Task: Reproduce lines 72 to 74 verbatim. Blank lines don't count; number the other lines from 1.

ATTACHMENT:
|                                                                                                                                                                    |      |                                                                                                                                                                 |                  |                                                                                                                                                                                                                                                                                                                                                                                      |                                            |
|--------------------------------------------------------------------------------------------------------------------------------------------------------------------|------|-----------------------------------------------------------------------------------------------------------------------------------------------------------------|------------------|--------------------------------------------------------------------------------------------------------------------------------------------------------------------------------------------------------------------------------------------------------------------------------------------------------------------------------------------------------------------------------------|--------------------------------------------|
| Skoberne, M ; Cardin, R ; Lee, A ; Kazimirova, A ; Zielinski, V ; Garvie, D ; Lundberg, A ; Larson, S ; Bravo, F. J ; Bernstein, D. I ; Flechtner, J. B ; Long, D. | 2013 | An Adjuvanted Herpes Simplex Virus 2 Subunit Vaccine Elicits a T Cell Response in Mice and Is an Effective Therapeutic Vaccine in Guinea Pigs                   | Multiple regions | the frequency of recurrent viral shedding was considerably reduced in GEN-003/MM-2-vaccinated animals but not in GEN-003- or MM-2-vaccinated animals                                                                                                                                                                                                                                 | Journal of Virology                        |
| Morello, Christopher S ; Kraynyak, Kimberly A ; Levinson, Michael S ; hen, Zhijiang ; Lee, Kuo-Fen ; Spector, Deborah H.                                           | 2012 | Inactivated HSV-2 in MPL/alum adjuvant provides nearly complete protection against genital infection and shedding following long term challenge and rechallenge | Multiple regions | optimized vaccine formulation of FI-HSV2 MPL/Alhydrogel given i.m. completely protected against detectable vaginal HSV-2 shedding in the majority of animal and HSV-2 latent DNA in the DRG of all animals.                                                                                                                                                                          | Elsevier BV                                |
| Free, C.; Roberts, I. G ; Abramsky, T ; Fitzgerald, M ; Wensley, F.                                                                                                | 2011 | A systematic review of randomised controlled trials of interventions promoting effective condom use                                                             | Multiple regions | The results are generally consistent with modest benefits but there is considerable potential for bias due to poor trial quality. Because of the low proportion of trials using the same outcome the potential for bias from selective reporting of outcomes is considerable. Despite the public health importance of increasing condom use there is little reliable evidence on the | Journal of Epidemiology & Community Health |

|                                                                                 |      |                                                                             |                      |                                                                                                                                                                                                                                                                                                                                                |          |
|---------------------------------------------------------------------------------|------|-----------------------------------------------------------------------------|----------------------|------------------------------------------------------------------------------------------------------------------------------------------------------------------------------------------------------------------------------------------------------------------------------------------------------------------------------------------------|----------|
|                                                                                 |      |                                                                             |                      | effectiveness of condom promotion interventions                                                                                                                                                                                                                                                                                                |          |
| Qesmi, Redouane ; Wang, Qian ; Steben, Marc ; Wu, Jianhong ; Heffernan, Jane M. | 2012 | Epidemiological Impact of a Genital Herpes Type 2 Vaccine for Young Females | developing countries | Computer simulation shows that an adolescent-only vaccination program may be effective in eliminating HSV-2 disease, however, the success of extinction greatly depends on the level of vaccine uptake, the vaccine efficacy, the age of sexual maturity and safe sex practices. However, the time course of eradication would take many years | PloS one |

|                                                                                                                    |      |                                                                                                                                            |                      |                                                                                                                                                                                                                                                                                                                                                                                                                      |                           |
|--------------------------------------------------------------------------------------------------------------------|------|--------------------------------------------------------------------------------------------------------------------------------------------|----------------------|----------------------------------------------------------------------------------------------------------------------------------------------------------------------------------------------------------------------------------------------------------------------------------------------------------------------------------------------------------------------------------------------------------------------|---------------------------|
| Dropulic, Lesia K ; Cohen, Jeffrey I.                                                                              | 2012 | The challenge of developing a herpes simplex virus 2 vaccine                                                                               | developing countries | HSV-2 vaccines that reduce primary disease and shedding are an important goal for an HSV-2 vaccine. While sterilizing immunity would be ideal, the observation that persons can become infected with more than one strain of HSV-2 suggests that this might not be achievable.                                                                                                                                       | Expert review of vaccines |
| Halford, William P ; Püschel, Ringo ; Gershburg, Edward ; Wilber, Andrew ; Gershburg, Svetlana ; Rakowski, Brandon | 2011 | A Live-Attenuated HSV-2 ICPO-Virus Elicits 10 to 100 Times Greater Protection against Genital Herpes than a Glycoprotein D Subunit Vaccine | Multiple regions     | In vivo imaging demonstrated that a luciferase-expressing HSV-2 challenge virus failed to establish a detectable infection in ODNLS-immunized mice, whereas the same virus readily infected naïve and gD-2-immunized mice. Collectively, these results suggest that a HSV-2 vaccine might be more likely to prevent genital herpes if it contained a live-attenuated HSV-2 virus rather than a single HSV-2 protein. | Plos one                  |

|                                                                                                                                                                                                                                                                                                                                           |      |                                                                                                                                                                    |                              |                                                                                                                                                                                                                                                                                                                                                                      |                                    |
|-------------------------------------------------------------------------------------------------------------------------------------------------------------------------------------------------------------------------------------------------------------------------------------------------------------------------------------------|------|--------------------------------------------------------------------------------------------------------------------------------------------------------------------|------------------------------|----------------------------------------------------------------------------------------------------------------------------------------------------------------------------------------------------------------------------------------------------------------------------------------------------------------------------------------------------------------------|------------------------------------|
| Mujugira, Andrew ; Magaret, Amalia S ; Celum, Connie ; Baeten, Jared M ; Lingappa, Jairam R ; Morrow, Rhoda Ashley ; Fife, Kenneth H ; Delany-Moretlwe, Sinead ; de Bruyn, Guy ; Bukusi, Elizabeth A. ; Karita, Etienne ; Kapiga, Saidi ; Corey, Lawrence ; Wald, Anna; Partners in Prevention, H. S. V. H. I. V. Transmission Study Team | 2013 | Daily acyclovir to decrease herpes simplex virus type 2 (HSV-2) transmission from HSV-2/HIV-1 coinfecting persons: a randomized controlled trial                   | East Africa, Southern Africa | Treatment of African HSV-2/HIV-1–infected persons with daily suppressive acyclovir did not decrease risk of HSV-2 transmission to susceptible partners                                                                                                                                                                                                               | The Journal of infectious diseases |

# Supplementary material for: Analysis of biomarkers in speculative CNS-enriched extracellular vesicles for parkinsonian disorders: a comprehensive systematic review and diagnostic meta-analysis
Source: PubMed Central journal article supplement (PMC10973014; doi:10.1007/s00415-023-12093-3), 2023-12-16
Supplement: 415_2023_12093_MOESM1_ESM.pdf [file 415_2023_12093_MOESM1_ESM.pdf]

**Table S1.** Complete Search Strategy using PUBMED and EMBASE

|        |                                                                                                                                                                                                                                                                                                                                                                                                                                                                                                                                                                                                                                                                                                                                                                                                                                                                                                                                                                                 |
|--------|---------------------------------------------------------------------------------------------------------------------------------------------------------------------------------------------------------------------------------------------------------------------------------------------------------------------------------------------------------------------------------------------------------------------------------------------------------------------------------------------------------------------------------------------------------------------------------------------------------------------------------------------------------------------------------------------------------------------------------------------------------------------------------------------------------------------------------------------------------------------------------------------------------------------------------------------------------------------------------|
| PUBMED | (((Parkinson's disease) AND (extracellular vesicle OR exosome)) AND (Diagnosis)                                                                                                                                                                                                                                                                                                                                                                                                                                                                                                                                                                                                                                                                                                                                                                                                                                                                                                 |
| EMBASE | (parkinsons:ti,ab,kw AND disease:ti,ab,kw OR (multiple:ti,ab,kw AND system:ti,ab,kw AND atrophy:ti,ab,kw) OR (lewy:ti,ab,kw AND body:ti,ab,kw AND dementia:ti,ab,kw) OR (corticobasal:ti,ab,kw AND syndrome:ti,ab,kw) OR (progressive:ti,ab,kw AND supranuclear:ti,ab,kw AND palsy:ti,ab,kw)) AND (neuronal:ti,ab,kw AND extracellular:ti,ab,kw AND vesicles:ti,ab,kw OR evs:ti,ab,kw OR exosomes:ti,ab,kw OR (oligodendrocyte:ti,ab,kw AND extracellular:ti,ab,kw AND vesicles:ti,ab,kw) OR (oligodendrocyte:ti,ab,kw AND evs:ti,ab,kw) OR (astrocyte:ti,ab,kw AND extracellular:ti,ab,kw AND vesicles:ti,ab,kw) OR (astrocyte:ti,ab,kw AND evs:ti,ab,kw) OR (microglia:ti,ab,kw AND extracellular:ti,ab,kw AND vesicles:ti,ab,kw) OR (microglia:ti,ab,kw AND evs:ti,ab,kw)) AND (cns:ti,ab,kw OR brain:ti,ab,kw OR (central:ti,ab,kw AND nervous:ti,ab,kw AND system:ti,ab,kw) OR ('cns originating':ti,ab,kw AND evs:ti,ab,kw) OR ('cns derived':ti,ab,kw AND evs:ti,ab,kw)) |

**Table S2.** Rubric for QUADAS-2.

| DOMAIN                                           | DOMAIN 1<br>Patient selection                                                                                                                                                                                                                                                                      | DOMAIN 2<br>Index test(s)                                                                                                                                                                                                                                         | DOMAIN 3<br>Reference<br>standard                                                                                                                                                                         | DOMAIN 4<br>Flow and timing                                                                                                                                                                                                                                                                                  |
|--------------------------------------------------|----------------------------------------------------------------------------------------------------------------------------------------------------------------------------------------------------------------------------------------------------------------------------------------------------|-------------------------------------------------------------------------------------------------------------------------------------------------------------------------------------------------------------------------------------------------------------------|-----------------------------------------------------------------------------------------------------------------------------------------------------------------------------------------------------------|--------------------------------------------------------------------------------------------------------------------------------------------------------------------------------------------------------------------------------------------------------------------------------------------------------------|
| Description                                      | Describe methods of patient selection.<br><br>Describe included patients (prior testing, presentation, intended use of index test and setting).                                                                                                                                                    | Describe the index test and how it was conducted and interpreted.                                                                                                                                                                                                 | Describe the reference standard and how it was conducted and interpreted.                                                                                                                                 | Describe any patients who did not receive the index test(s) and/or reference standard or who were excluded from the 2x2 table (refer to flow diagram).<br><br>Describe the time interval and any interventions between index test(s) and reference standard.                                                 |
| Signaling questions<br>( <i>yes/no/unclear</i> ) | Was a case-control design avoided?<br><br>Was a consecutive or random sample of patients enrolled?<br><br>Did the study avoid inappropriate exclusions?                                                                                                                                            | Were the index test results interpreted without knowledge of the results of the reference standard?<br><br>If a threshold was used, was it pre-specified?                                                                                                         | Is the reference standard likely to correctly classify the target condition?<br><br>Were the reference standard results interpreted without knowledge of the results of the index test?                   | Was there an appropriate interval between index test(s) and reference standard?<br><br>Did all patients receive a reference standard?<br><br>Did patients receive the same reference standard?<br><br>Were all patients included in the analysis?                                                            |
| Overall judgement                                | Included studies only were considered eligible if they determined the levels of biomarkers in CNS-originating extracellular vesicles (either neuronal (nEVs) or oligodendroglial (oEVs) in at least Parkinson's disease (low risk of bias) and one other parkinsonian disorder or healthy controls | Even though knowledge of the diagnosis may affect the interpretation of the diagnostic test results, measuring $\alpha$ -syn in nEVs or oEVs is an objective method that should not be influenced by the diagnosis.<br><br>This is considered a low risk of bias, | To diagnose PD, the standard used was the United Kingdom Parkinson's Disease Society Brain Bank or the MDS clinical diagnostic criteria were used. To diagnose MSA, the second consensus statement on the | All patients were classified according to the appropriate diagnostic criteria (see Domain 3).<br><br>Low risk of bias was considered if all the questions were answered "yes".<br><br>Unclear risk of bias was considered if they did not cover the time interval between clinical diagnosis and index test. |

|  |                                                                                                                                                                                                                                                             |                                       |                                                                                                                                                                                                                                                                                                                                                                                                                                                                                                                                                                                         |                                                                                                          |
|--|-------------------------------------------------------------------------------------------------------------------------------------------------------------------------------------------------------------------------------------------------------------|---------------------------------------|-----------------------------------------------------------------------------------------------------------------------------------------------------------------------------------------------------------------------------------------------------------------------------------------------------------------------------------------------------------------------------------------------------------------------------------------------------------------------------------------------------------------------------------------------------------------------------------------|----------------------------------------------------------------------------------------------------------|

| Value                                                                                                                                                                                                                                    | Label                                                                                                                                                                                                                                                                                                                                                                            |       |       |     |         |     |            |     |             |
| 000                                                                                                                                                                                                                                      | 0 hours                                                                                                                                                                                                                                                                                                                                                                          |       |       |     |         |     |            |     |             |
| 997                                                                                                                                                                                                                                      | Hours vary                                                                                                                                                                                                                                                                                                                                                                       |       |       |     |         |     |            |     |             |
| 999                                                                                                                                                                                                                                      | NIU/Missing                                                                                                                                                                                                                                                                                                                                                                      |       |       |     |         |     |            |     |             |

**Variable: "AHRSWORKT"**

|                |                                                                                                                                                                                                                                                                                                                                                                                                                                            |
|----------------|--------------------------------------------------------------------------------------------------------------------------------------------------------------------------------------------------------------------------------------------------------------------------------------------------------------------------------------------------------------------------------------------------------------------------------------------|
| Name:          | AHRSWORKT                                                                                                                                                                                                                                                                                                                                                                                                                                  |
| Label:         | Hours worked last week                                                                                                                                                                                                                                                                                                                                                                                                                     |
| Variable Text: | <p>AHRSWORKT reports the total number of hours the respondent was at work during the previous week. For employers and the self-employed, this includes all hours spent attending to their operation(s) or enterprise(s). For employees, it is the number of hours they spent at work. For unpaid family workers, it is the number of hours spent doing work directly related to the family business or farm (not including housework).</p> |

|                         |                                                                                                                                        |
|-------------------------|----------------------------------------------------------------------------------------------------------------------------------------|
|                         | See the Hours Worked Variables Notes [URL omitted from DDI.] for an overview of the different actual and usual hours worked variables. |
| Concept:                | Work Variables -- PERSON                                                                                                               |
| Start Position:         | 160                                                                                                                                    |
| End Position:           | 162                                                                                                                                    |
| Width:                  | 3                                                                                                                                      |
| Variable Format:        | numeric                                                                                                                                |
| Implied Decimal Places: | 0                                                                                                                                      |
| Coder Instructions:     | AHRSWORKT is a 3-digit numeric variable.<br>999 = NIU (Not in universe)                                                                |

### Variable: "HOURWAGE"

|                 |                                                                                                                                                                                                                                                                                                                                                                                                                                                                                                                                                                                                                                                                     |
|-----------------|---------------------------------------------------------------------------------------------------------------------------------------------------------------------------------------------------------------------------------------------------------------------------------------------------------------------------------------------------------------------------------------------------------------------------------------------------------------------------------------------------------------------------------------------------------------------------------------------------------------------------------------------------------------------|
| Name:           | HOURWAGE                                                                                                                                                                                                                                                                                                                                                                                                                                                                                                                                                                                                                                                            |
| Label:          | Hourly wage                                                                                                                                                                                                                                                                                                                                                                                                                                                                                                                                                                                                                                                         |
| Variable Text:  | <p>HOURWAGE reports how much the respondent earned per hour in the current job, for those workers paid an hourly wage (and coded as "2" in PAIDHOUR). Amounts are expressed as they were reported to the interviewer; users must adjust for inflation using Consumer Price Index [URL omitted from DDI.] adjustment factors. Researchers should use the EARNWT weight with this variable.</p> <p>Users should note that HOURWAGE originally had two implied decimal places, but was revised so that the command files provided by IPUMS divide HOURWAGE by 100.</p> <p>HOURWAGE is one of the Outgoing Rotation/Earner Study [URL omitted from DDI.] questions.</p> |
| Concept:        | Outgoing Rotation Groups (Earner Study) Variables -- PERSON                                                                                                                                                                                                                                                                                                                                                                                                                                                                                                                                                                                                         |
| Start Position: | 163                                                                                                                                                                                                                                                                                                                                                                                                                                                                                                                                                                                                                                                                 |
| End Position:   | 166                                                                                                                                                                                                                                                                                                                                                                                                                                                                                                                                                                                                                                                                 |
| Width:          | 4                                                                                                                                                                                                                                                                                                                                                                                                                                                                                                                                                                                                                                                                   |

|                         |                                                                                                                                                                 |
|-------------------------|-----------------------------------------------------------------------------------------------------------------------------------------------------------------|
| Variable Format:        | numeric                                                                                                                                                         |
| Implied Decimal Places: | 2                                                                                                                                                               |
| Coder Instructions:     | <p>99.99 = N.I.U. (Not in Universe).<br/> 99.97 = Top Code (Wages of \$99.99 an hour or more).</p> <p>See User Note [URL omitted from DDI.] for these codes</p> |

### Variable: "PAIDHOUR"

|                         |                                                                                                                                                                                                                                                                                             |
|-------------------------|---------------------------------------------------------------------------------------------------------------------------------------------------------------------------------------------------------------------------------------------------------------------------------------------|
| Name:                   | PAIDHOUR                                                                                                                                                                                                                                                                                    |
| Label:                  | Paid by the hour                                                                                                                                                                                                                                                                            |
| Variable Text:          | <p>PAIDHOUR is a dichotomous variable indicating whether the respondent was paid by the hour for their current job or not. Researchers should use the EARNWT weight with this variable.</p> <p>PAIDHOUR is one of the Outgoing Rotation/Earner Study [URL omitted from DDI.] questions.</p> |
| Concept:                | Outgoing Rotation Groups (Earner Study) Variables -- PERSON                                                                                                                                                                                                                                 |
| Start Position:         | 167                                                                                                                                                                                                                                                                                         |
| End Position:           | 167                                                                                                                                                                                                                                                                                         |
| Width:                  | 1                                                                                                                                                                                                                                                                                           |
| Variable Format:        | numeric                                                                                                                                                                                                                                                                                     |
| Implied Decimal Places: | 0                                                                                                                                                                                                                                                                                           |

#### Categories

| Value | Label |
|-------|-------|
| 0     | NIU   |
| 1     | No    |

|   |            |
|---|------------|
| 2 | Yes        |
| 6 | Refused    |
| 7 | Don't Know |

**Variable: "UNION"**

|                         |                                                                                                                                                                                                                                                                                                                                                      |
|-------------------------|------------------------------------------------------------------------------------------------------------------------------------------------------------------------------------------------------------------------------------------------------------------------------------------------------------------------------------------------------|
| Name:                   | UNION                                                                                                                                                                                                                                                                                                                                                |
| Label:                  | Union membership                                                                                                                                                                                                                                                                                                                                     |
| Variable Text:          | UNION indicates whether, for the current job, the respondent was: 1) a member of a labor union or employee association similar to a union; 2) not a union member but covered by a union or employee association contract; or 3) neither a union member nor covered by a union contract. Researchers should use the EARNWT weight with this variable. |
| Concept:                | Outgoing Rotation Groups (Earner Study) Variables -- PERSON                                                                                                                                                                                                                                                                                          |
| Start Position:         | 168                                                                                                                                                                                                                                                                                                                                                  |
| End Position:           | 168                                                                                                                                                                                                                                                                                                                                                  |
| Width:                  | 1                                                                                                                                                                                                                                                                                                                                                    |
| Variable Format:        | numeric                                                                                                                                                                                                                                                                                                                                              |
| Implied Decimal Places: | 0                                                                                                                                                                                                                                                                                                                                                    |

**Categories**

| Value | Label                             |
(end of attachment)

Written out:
| Label:                  | Paid by the hour                                                                                                                                                                                                                                                                            |
| Variable Text:          | <p>PAIDHOUR is a dichotomous variable indicating whether the respondent was paid by the hour for their current job or not. Researchers should use the EARNWT weight with this variable.</p> <p>PAIDHOUR is one of the Outgoing Rotation/Earner Study [URL omitted from DDI.] questions.</p> |
| Concept:                | Outgoing Rotation Groups (Earner Study) Variables -- PERSON                                                                                                                                                                                                                                 |